She was planning travel from Brisbane having secured a ticket in Melbourne. An 18-hour drive is not practical, especially if she has to be back at work for Monday.

It’s not only in Australasia that this effect is being seen, but across the Pacific.

Southeast Asia might be the region that has seen the largest uptick in Taylor-related air travel. Vietnam, Indonesia, Malaysia and the Philippines were similarly snubbed for Eras Tour dates, despite enormous demand. Instead, six dates were added to the Singapore National Stadium. It is the longest run of shows anywhere on the tour circuit.

Some 22 million users registered for access to the 330,000 available tickets during the July 7 general sale.

With six shows between March 2 and 9 next year, the city state has become the centre of a pop music pilgrimage. Airfares, accommodation and travel costs have skyrocketed.

There has been a huge surge in travel bookings from the Philippines, with many making the 2400km journey from Manila. Airfares for the route on Singapore Airlines between February 29 and March 8 were already double the cost of the prior month.

The Philippines has a fanatical fan base of Taylor Swift music, second only to the US. According to Spotify streaming data, the superstar has had 230 chart appearances there, with nine number 1 hit singles.

One Taylor Swift tragic told the Straits Times he had spent $3600 for flights and accommodation after securing tickets.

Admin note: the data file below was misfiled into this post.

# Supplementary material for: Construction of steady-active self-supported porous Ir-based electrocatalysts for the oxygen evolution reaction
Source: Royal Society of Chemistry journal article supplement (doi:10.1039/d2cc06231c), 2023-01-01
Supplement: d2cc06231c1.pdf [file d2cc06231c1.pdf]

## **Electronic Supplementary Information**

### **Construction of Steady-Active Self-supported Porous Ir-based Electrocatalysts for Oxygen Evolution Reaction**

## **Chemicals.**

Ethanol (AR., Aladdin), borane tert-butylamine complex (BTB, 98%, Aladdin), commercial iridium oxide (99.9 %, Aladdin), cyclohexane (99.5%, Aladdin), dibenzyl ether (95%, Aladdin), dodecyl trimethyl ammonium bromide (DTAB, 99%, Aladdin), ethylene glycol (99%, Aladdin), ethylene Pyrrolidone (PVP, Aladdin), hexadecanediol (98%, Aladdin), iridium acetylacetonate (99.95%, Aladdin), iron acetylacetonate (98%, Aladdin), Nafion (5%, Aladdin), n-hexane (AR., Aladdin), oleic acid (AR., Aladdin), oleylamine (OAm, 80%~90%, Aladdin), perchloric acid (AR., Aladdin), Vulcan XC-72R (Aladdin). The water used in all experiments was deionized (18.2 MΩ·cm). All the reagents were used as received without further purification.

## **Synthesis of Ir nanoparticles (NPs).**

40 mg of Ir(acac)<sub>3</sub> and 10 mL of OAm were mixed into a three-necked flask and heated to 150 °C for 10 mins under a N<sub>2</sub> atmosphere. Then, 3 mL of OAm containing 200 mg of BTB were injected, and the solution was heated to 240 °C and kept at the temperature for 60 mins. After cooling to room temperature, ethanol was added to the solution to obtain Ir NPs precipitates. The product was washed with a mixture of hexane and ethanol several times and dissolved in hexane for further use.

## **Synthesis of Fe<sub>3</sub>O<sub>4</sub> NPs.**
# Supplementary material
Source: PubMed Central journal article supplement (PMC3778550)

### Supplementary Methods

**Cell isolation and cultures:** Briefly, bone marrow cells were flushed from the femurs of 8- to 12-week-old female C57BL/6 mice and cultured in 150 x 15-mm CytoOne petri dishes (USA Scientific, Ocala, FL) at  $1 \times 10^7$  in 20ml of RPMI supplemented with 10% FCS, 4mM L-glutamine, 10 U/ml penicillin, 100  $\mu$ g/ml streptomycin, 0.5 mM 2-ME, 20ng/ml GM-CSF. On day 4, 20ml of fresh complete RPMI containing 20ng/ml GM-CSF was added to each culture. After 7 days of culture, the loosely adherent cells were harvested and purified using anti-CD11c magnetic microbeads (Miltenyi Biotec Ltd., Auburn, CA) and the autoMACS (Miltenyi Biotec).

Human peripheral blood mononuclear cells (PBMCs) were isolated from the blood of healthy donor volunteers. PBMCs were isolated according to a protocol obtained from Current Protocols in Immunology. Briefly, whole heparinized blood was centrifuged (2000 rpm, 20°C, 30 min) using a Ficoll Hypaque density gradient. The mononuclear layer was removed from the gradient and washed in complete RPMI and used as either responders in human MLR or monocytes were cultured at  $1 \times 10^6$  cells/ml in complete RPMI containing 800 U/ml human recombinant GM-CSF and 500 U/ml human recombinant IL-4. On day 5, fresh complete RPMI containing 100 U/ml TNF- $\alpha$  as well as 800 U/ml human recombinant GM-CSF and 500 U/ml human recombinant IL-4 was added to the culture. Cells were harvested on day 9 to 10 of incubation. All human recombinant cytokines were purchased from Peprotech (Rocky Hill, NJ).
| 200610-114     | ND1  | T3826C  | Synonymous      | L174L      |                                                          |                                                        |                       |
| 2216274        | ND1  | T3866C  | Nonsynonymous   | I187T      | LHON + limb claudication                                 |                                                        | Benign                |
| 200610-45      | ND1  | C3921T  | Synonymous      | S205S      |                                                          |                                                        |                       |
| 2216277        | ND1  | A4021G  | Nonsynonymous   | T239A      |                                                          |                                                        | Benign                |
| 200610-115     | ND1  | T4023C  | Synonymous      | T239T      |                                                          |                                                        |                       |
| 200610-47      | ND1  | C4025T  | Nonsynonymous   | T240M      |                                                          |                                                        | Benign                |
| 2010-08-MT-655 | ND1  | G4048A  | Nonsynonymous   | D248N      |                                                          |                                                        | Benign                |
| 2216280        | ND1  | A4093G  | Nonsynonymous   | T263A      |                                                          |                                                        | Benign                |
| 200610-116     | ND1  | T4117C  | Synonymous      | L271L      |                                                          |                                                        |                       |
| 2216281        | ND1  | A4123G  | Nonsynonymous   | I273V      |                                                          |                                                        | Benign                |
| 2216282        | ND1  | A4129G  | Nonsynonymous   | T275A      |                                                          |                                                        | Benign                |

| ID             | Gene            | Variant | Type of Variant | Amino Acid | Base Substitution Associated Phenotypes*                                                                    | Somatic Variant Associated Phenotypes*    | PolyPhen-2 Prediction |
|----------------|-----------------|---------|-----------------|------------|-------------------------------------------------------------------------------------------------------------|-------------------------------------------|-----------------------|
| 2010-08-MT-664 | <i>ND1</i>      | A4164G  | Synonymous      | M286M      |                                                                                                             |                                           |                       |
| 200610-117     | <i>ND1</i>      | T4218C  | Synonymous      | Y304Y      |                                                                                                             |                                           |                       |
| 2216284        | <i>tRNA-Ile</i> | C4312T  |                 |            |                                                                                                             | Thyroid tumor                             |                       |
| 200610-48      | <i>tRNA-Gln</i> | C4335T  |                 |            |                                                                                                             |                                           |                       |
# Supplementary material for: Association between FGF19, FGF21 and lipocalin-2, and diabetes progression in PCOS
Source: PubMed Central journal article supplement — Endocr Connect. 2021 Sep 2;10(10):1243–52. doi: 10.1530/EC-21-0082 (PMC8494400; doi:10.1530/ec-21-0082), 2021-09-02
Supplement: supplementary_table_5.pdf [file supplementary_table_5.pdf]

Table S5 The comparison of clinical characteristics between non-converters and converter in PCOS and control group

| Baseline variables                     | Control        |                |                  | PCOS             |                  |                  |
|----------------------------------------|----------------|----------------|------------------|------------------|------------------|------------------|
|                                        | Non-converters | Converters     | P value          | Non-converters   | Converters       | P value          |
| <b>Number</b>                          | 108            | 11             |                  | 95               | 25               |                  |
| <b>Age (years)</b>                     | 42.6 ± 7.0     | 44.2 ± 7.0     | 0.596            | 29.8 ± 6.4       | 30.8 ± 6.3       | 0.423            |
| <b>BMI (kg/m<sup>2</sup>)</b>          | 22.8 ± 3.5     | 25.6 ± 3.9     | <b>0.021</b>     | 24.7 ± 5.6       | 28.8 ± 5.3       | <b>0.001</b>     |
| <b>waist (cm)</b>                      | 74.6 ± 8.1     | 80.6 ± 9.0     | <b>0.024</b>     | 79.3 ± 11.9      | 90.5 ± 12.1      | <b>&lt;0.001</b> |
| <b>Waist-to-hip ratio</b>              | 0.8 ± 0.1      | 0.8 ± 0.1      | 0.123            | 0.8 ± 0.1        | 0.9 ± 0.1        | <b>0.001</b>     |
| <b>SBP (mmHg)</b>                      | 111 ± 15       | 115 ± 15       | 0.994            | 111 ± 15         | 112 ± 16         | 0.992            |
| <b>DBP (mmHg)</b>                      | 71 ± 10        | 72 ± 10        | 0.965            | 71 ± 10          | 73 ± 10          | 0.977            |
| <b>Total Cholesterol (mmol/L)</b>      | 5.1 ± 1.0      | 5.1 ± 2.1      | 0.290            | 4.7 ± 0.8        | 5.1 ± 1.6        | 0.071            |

“I’ve never been to Singapore, but [I’d do] anything to see Taylor Swift,” he said.

Although Singapore Airlines could not divulge whether they were considering adding additional services, a spokesperson for the airline told the Herald it is standard practice to add more flights in the face of prevailing demand.

“While we’re unable to provide specific figures on year-on-year trends on bookings into Singapore due to commercial sensitivities, we have seen continued strong demand in our forward bookings into 2024, including through March.”

Other airlines including Malaysian Airlines and Jetstar were already upping services to the city on the straits, from Kuala Lumpur and Jakarta. While much of this follows seasonal demand, the cost of flights over the week of Swift’s tours has soared by between 50 and 130 per cent.

A representative for Taylor Swift’s management had previously said that the production was offsetting the show’s carbon emissions.

“Before the tour kicked off in March of 2023, Taylor purchased more than double the carbon credits needed to offset all tour travel,” a spokesperson told Insider and JetSpy in August.

However, the Herald could not obtain an exact tonnage of offsets from the tour management nor information on whether the calculations included audience travel or just travel undertaken by the two Dassault jets, N621MM and N898TS.